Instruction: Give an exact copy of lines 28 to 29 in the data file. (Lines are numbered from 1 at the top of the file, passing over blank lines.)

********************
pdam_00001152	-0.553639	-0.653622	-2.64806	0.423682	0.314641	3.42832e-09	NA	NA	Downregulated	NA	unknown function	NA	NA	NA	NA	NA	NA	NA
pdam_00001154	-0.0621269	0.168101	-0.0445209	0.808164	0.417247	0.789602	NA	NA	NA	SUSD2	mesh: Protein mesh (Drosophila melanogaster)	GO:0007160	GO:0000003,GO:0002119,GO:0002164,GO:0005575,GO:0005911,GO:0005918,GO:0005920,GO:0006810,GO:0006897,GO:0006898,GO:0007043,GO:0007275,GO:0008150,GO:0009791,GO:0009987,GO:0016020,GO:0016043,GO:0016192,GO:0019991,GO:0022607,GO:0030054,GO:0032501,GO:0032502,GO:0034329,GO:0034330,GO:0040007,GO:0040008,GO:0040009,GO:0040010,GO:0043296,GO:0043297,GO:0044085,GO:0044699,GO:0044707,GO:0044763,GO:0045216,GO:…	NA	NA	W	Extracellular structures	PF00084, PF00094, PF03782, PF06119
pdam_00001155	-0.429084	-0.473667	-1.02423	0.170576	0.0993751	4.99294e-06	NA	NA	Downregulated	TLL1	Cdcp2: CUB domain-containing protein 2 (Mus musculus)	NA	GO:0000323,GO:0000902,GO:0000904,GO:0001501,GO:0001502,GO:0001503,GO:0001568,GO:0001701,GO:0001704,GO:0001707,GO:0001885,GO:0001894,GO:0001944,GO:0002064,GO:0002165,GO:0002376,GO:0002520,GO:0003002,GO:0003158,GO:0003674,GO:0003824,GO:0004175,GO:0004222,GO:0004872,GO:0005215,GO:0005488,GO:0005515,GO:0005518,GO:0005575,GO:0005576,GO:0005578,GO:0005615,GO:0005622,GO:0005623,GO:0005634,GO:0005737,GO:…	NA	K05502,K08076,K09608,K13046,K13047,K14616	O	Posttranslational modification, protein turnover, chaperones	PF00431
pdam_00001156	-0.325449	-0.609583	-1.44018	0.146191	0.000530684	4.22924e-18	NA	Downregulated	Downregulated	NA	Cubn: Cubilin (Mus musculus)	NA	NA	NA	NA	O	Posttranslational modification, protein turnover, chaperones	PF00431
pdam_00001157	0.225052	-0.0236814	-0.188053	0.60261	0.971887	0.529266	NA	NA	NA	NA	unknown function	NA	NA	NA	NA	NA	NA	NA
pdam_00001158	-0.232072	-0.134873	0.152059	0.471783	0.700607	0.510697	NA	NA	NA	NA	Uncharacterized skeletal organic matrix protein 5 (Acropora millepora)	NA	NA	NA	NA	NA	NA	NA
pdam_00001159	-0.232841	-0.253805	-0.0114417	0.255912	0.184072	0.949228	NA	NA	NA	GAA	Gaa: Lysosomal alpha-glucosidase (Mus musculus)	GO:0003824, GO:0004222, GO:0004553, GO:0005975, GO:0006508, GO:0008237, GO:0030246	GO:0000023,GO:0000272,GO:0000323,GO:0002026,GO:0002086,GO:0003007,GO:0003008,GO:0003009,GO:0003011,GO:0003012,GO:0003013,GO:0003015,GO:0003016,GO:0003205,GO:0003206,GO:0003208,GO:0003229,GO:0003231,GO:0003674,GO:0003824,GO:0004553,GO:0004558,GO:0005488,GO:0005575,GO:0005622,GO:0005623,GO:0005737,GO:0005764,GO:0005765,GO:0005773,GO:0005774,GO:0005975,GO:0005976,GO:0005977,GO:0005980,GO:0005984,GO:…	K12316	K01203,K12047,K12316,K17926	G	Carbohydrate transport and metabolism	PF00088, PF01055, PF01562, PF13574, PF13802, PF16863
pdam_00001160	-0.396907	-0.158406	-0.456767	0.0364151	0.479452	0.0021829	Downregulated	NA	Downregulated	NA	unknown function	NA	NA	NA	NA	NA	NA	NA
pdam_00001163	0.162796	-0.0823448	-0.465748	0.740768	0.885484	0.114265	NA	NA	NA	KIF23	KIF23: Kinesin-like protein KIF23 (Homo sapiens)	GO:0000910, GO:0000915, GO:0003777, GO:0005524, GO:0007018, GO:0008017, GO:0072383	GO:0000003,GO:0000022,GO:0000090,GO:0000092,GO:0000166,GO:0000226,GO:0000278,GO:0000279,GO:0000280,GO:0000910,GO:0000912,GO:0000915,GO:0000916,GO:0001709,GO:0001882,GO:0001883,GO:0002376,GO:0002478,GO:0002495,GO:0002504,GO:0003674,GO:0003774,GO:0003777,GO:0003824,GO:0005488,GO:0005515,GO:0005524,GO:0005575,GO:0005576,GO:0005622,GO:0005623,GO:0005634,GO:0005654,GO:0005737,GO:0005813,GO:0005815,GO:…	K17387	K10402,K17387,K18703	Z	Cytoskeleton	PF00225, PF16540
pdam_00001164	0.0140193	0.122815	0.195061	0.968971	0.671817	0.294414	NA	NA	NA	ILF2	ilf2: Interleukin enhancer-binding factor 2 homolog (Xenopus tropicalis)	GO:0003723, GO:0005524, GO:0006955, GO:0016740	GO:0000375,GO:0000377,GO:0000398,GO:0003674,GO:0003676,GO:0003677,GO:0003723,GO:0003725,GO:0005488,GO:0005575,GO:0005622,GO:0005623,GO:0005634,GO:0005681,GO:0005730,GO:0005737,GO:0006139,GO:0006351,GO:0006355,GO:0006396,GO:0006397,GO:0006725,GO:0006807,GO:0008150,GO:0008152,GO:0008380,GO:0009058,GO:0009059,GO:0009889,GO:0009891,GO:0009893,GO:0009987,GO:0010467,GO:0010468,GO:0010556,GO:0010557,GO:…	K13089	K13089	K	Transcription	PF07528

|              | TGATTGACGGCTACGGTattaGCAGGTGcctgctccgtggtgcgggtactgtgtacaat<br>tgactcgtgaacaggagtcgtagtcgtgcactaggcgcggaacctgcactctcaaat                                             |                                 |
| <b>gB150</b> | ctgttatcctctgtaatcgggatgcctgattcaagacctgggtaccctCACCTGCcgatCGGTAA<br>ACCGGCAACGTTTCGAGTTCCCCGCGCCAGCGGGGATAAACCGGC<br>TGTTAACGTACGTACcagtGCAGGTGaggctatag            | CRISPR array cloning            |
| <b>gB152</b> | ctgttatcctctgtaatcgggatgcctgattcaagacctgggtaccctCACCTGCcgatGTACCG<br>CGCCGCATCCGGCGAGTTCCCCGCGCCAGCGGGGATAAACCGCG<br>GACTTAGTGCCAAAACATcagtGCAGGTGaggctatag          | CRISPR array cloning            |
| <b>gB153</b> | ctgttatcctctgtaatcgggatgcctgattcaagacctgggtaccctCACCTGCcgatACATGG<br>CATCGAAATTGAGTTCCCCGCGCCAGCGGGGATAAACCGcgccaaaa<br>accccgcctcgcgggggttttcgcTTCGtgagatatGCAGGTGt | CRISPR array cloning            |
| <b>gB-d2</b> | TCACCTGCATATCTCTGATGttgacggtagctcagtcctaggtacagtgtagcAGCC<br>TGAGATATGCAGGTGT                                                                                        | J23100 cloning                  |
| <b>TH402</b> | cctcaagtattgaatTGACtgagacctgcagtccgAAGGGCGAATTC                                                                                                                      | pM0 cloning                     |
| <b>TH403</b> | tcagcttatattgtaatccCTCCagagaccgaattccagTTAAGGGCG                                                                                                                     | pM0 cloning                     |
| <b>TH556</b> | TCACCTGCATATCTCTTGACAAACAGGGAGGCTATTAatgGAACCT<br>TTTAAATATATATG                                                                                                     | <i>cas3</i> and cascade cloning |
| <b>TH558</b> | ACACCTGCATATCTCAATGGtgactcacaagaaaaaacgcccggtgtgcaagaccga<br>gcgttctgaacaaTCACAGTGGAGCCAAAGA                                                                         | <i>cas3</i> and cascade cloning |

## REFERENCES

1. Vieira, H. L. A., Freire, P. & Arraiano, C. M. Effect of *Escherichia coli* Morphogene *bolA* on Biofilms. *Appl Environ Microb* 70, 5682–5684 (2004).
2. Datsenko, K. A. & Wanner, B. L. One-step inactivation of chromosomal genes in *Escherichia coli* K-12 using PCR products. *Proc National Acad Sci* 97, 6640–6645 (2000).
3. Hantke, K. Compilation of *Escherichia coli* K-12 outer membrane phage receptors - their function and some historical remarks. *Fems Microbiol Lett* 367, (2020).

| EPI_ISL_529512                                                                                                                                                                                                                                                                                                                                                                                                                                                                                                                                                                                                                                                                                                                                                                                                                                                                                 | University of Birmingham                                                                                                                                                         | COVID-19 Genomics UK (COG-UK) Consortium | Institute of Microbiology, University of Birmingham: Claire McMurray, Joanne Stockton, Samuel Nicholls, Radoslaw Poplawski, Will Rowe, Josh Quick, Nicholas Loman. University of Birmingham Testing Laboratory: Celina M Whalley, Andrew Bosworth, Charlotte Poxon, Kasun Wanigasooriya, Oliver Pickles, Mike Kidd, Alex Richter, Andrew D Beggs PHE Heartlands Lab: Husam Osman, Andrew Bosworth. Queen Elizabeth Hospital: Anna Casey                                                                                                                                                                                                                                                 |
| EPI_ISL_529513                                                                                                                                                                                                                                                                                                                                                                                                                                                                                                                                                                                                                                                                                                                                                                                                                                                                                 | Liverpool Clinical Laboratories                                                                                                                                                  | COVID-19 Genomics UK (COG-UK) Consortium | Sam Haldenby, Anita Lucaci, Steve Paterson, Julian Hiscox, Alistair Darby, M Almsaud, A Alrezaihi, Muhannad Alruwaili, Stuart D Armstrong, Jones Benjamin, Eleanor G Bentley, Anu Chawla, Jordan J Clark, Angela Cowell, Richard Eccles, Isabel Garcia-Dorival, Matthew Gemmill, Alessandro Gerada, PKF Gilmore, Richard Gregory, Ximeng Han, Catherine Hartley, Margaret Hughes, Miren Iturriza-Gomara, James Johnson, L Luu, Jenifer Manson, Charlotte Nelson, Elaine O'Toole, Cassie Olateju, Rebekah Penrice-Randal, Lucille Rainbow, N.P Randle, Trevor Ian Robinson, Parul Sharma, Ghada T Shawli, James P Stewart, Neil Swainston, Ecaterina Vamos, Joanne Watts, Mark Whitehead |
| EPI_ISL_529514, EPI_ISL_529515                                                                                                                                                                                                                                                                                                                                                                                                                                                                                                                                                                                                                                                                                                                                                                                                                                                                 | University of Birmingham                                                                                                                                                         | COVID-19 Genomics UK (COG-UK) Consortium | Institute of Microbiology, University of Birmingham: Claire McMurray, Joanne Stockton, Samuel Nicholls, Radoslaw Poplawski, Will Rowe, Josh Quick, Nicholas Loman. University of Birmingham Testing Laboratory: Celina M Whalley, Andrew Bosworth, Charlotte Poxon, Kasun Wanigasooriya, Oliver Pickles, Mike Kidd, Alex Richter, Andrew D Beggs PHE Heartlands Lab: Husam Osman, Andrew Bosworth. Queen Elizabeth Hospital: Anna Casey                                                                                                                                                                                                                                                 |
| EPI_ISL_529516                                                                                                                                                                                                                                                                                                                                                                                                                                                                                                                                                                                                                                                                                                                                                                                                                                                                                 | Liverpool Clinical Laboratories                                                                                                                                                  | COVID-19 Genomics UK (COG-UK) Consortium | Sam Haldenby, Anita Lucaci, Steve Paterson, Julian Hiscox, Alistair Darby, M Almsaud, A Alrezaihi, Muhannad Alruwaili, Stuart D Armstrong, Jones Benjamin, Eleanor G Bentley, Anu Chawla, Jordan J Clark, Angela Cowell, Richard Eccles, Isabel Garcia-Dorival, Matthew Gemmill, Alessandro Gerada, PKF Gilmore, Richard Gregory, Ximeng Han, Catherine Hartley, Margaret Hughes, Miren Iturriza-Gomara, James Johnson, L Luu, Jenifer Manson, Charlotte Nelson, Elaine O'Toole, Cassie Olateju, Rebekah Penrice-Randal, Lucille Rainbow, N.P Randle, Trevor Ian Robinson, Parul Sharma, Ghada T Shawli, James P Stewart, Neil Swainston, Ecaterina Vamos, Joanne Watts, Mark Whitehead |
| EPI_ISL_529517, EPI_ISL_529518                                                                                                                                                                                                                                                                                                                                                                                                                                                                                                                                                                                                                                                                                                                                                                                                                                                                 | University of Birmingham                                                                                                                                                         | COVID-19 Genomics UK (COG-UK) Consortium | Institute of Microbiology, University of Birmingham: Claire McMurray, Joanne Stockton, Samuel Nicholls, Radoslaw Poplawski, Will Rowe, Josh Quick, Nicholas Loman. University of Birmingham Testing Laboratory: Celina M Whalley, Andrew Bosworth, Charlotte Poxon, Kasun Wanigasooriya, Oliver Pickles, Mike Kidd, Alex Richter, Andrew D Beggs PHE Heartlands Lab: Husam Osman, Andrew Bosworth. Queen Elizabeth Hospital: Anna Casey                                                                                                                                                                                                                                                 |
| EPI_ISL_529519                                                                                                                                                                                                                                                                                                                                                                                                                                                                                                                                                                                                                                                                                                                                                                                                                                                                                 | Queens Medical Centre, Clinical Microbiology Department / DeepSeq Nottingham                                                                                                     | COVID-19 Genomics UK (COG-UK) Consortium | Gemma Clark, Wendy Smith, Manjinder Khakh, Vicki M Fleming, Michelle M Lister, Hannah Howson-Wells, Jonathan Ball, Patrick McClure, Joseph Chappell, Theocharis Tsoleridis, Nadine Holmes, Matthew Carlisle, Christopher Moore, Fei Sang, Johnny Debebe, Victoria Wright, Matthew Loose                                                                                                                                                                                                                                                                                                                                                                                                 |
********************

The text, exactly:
| EPI_ISL_529517, EPI_ISL_529518                                                                                                                                                                                                                                                                                                                                                                                                                                                                                                                                                                                                                                                                                                                                                                                                                                                                 | University of Birmingham                                                                                                                                                         | COVID-19 Genomics UK (COG-UK) Consortium | Institute of Microbiology, University of Birmingham: Claire McMurray, Joanne Stockton, Samuel Nicholls, Radoslaw Poplawski, Will Rowe, Josh Quick, Nicholas Loman. University of Birmingham Testing Laboratory: Celina M Whalley, Andrew Bosworth, Charlotte Poxon, Kasun Wanigasooriya, Oliver Pickles, Mike Kidd, Alex Richter, Andrew D Beggs PHE Heartlands Lab: Husam Osman, Andrew Bosworth. Queen Elizabeth Hospital: Anna Casey                                                                                                                                                                                                                                                 |
| EPI_ISL_529519                                                                                                                                                                                                                                                                                                                                                                                                                                                                                                                                                                                                                                                                                                                                                                                                                                                                                 | Queens Medical Centre, Clinical Microbiology Department / DeepSeq Nottingham                                                                                                     | COVID-19 Genomics UK (COG-UK) Consortium | Gemma Clark, Wendy Smith, Manjinder Khakh, Vicki M Fleming, Michelle M Lister, Hannah Howson-Wells, Jonathan Ball, Patrick McClure, Joseph Chappell, Theocharis Tsoleridis, Nadine Holmes, Matthew Carlisle, Christopher Moore, Fei Sang, Johnny Debebe, Victoria Wright, Matthew Loose                                                                                                                                                                                                                                                                                                                                                                                                 |